# Pip, 3 bytes

a%2


Try it online!

Explanation:

a   is auto-read from the command line
%2  Modulo 2 --> yields a 0 for even, 1 for odd
The result of the last statement is auto-printed.


## Jellyfish, 6 bytes

p|i
2


Try it online!

Print (p) the input (i) modulo (|) two (2).

# Carrot, 5 bytes

#^F%2


Try it online!

Note: this is a trivial answer. Please do not vote. I am only posting this for completion.

### Explanation

#^                // set the stack to the input
F               // convert it to a float
%2             // take the modulo 2 of it
// implicit output

• That's okay. Every answer else is trivial too. At least it's not a builtin. – Matthew Roh Mar 23 '17 at 9:32
• Why do you have to convert to float? – Hello Goodbye Nov 14 '19 at 16:27
• @HelloGoodbye Because it is by default a string, although yes, I should work just as well – user41805 Nov 14 '19 at 16:57
• ah, makes sense – Hello Goodbye Nov 14 '19 at 17:05

# APL (Dyalog), 3 bytes

Full program body:

2|⎕


Try it online!

Alternatively:

2⊤⎕


Try it online!

| is modulus, ⊤ is base-convert, ⎕ is numeric input prompt. Handles any numeric array.

I've found 40 functions which can also do the job in 3 bytes. List and try them all online!

# C, 11 bytes

f(n){n&=1;}


Because, why not. Returns false (0) for even, true (1) for odd.

Works with gcc on linux/x86.

• Huh. Looks okay. – Matthew Roh Mar 23 '17 at 9:49

# Haxe, 22 bytes

function(x)return x%2;


Test it online!

Haxe is a high-level, strictly typed language designed to be compiled across many different platforms. While it doesn't have any form of lambda expressions, it does have one unique property that allows for interesting golfing: everything is an expression. This allows you to do interesting things that aren't possible in most similar languages, such as b>0&&return b. In this particular case, it allows us to remove the brackets that would normally be required in a function definition.

• High level language, low level answer (lol) – Matthew Roh Mar 23 '17 at 13:37

# Qwerty-RPN, 4 bytes

@2%#


Explanation:

@    Input number
%  ...modulo...
2   2
# print


# Beeswax, 6 bytes

_2~,%{


Explanation:

_        Create a bee flying horizontally   [0,0,0]
2       Set top to 2                       [0,0,2]
~      Swap top and 2nd values            [0,2,0]
,     Take value from STDIN as int       [0,2,7]
%    Modulo: top % 2nd                  [0,0,1]
{   Print top                          [0,0,1]


Try it online!

## Ook!, 79 64 bytes

Update: 15 bytes shorter by removing the whitespaces, thanks to Okx.

This is a joke esoteric language, meant to be trivially isomorphic to brainfuck by substituting each command with an Orangutan phrase. This is my first time using it.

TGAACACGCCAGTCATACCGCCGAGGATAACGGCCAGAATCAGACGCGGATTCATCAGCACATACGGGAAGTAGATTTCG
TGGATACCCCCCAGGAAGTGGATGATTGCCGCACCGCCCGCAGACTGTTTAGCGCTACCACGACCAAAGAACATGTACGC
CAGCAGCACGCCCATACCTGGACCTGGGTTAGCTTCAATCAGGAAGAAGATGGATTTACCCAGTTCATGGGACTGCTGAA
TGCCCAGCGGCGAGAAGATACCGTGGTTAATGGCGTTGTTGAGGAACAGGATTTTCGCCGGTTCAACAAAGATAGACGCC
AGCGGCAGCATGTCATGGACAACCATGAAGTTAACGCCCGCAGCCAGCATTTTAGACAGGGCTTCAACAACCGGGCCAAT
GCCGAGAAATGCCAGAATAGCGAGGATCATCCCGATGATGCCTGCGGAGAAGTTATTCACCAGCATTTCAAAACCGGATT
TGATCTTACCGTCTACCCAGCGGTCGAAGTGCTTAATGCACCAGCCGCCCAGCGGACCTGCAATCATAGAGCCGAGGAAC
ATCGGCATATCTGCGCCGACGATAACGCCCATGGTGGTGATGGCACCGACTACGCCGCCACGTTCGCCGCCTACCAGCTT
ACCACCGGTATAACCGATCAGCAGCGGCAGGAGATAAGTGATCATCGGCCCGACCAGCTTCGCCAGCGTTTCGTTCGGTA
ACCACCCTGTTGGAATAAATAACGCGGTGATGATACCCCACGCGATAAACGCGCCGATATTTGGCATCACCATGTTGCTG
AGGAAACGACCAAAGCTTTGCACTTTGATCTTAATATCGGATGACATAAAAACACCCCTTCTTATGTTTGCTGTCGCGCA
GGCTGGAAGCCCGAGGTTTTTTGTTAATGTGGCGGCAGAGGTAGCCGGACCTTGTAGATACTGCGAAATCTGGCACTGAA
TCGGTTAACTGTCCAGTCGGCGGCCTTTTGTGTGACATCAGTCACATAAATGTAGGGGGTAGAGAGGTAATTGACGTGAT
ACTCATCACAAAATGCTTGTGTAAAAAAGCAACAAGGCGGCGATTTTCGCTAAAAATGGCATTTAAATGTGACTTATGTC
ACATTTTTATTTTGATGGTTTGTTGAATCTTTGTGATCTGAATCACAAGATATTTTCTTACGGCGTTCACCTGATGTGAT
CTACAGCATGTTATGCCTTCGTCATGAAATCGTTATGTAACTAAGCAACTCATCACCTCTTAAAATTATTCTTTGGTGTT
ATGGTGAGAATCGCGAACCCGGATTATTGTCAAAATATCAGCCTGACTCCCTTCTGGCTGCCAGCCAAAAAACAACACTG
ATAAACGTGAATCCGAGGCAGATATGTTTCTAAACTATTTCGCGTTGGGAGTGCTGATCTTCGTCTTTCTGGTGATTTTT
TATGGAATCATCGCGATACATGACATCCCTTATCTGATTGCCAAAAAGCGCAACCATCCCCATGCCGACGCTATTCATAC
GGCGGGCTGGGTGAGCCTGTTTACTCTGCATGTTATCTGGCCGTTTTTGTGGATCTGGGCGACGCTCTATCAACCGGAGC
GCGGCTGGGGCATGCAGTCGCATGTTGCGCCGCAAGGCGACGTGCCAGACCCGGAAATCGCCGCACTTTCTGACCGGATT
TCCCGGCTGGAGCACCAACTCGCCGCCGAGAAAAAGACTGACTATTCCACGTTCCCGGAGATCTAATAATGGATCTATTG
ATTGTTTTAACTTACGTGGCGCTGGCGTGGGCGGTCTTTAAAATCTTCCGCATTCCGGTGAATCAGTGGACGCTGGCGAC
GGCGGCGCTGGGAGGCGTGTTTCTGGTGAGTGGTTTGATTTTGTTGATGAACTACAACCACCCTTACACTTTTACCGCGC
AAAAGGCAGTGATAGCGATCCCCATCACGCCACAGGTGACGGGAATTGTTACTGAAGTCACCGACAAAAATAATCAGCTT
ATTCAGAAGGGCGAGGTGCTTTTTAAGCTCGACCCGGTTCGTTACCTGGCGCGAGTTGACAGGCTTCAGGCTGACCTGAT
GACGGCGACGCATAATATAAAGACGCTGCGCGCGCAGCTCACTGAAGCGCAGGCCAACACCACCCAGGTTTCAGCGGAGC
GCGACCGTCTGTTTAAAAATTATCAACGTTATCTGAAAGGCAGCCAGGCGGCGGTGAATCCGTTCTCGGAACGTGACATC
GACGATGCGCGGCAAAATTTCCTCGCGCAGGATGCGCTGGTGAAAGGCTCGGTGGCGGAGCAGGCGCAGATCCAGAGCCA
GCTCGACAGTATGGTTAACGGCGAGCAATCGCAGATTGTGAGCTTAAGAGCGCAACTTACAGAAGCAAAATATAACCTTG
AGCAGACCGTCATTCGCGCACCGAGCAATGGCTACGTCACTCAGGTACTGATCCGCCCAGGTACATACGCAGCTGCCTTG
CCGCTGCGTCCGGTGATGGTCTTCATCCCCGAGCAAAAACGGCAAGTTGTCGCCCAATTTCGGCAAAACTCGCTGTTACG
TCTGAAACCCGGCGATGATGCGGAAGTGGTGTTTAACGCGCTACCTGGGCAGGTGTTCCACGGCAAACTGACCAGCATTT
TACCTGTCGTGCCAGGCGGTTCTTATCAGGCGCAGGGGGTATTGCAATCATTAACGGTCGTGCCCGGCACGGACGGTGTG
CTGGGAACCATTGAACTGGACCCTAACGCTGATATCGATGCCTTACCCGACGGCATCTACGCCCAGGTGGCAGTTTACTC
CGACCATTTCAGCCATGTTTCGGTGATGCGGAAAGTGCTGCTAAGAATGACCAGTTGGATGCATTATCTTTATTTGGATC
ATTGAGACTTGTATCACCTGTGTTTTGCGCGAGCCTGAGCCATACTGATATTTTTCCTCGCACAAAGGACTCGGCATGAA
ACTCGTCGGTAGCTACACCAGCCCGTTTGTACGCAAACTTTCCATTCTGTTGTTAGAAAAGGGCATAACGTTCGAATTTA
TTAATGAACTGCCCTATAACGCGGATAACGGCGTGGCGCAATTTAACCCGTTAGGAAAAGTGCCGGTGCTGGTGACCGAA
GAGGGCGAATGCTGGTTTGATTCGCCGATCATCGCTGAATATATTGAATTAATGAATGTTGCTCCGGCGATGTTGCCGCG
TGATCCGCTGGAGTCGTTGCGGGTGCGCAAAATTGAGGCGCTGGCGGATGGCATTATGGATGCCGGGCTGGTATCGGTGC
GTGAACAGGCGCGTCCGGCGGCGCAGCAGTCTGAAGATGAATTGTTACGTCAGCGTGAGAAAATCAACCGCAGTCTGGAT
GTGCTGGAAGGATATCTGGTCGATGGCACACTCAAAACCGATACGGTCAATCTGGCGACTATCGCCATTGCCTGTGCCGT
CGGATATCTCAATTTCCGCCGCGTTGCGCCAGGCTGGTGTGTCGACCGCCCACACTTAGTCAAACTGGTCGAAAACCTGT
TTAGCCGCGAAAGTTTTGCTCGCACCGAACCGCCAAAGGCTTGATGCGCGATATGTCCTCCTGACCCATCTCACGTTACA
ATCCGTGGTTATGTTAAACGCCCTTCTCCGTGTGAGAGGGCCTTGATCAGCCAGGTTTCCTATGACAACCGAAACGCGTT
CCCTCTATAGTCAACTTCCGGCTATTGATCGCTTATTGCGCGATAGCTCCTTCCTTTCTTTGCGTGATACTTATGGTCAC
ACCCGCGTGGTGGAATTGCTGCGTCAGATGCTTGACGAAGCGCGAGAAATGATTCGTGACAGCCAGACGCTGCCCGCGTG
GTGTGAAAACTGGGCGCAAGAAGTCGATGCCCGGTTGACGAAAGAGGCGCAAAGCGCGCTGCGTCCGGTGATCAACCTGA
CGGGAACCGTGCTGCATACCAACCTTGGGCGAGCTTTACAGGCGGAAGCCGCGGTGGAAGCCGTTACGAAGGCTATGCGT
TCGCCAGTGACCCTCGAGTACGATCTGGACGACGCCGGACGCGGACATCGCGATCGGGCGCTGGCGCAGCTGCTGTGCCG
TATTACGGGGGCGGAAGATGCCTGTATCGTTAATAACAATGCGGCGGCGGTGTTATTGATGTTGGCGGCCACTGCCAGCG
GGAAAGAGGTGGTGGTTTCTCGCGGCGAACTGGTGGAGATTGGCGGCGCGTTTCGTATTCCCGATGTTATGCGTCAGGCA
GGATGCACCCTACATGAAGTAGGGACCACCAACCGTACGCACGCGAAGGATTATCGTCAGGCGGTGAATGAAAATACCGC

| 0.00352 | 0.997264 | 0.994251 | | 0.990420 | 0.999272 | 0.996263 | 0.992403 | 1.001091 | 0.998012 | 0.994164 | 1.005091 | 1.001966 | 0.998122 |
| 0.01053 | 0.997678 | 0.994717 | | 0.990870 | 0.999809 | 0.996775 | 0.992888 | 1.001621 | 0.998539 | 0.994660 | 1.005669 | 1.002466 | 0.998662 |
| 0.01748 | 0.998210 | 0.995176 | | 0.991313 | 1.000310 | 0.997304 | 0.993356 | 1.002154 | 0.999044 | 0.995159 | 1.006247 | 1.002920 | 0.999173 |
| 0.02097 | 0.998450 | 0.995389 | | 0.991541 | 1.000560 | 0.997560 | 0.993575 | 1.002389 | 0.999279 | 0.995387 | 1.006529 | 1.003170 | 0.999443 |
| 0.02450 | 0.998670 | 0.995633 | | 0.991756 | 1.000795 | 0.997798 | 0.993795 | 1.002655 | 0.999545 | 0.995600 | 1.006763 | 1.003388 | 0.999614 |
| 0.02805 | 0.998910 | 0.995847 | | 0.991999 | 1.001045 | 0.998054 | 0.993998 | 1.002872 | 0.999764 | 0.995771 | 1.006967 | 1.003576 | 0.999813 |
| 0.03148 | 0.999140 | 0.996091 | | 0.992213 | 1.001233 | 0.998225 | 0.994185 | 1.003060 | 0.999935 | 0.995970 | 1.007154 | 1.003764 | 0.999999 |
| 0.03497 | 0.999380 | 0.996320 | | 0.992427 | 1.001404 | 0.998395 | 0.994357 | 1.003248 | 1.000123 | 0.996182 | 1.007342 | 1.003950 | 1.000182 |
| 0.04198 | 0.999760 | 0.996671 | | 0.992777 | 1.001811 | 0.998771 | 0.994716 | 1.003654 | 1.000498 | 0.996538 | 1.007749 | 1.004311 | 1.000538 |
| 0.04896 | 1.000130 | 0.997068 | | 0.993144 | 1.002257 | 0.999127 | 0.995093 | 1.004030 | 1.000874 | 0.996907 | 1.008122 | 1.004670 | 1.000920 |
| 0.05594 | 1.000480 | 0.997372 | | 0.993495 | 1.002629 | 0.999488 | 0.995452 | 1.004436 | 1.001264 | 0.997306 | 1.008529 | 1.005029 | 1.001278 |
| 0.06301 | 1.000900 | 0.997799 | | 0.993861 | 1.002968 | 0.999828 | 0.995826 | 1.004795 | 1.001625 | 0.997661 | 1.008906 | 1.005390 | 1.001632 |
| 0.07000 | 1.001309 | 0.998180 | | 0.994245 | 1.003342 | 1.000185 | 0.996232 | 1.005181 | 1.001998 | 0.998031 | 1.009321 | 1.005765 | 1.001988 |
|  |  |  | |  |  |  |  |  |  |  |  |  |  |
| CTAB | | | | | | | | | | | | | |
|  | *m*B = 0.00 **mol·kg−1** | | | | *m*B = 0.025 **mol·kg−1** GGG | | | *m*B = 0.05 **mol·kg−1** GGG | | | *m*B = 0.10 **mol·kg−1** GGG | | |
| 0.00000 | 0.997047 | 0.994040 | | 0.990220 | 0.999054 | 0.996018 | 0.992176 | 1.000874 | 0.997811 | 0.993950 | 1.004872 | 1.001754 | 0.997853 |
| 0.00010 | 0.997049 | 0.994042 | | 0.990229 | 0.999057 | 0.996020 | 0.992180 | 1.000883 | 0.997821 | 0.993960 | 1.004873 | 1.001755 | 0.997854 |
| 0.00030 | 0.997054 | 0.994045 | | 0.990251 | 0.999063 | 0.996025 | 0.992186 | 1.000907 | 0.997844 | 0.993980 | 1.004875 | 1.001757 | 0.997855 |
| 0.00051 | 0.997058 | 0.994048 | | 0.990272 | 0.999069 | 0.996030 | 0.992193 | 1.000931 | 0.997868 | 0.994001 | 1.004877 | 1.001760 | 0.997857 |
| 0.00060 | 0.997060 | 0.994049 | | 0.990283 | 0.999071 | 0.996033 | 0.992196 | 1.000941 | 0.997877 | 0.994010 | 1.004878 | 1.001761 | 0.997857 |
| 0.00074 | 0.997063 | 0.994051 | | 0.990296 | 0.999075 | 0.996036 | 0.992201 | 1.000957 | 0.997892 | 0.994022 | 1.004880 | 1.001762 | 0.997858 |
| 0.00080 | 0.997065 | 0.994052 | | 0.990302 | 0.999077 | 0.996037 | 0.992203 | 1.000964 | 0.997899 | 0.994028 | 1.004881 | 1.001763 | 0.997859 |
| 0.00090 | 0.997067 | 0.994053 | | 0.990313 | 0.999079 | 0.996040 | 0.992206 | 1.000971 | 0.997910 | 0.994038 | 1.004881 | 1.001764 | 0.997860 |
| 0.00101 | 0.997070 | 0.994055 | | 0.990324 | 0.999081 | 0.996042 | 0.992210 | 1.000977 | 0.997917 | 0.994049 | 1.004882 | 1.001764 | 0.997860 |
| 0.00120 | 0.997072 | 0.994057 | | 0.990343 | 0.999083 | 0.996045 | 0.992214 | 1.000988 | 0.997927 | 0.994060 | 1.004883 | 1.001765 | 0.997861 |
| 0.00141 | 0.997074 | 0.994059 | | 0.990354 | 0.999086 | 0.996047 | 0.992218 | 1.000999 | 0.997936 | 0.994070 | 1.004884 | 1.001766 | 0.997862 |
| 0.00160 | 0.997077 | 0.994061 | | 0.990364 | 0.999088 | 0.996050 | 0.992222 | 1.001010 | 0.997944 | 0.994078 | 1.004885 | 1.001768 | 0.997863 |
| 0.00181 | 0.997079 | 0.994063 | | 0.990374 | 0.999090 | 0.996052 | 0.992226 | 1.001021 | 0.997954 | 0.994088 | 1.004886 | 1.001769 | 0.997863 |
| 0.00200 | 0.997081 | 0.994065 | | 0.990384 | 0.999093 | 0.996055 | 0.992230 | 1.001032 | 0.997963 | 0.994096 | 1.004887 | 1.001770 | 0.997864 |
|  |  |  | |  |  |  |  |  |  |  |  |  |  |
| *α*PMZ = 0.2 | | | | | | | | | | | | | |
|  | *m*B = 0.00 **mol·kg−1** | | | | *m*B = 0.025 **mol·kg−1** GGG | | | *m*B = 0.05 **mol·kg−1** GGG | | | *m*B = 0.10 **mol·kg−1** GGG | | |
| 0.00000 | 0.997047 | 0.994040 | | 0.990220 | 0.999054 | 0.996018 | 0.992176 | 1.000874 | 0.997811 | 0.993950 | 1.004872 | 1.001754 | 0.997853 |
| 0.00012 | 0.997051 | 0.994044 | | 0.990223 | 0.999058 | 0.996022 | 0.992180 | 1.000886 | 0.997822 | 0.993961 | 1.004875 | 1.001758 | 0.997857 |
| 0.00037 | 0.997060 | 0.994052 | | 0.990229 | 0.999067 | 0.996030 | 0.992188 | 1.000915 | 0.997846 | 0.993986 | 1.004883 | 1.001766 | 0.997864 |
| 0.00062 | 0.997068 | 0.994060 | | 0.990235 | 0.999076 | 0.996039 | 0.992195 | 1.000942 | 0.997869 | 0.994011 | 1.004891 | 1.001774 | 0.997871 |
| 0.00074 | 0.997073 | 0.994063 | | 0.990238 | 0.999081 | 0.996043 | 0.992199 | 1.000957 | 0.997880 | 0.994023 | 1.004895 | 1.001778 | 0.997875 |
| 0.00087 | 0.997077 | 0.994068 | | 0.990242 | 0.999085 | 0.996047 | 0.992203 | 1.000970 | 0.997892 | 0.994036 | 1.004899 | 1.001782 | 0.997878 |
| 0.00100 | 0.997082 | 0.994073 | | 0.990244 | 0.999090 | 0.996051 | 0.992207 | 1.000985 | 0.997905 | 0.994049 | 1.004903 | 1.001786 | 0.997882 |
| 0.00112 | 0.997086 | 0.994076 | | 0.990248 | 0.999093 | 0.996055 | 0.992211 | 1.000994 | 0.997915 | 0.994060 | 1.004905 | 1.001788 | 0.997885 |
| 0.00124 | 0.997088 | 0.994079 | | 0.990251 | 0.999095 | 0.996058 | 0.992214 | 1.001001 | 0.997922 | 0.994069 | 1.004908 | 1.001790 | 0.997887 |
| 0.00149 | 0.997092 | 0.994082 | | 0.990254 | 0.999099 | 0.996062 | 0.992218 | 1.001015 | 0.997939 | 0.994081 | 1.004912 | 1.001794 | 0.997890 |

Ook.Ook.Ook!Ook?Ook.Ook!Ook.Ook?Ook.Ook!Ook?Ook!Ook?Ook.Ook!Ook.


Try it here! Give input as unary. Output is 1 for odd numbers, and nothing for even ones.

Explanation:

The above script is a direct translation of the 8 bytes brainfuck answer by @Dennis:

+[,>,]<.


Ook! has only 3 distinct syntax elements: Ook., Ook? and Ook!. These are combined into groups of two, and the various pair combinations are mapped to the brainfuck commands.

Substitution table:

>   Ook.Ook?
<   Ook?Ook.
+   Ook.Ook.
-   Ook!Ook!
.   Ook!Ook.
,   Ook.Ook!
[   Ook!Ook?
]   Ook?Ook!

• You can golf it by removing the newlines. – Okx Mar 23 '17 at 14:27
• @Okx On a second look, the online interpreter from my answer works with no whitespace delimiter. Cool! That means I can remove the spaces too. Thanks for pointing that out. I've read the wiki and the Ook! creator's page and only the newlines were said to be ignored, nothing about the spaces. – seshoumara Mar 23 '17 at 15:13

## Gibberish, 8 bytes

eli2gmeo

eli      - read line, convert to integer
2gm   - push 2, push modulo of previous value by 2
eo - output stack


Outout 0 for even and 1 for odd

# J-uby, 6 bytes

:even?


In J-uby, Ruby's symbols are callable. Fixnum#even? in Ruby (predictably) returns whether a number is even or not. It can be called like so:

f = :even?
f.(2) #=> true
f.(3) #=> false


J, 8 chars

<&1@:|~&2


It's just a composition of

<&1


which flips 0 for 1, and

|~&2


which is mod 2.

The @: just composes the two functions together

• You don't need <&1@. It's up to us which Boolean corresponds to which parity. Also, 2&| saves a byte. Try it online! – Dennis Mar 25 '17 at 12:40
• Welcome to the site! – caird coinheringaahing Mar 31 '17 at 6:40

# Elisp, 12 10 bytes

(%(read)2)


(read) evaluates to the input, and the (% ...) expression is then evaluated. Outputs 1 for odd, 0 for even.

Test cases:

(Input):(Output)
1:1
2:0
16384:0
99999999:1

Edit: Saves 2 bytes thanks to @Dylan, for asking if it was possible to leave out the spaces in a Elisp expression. Turns out the answer is yes!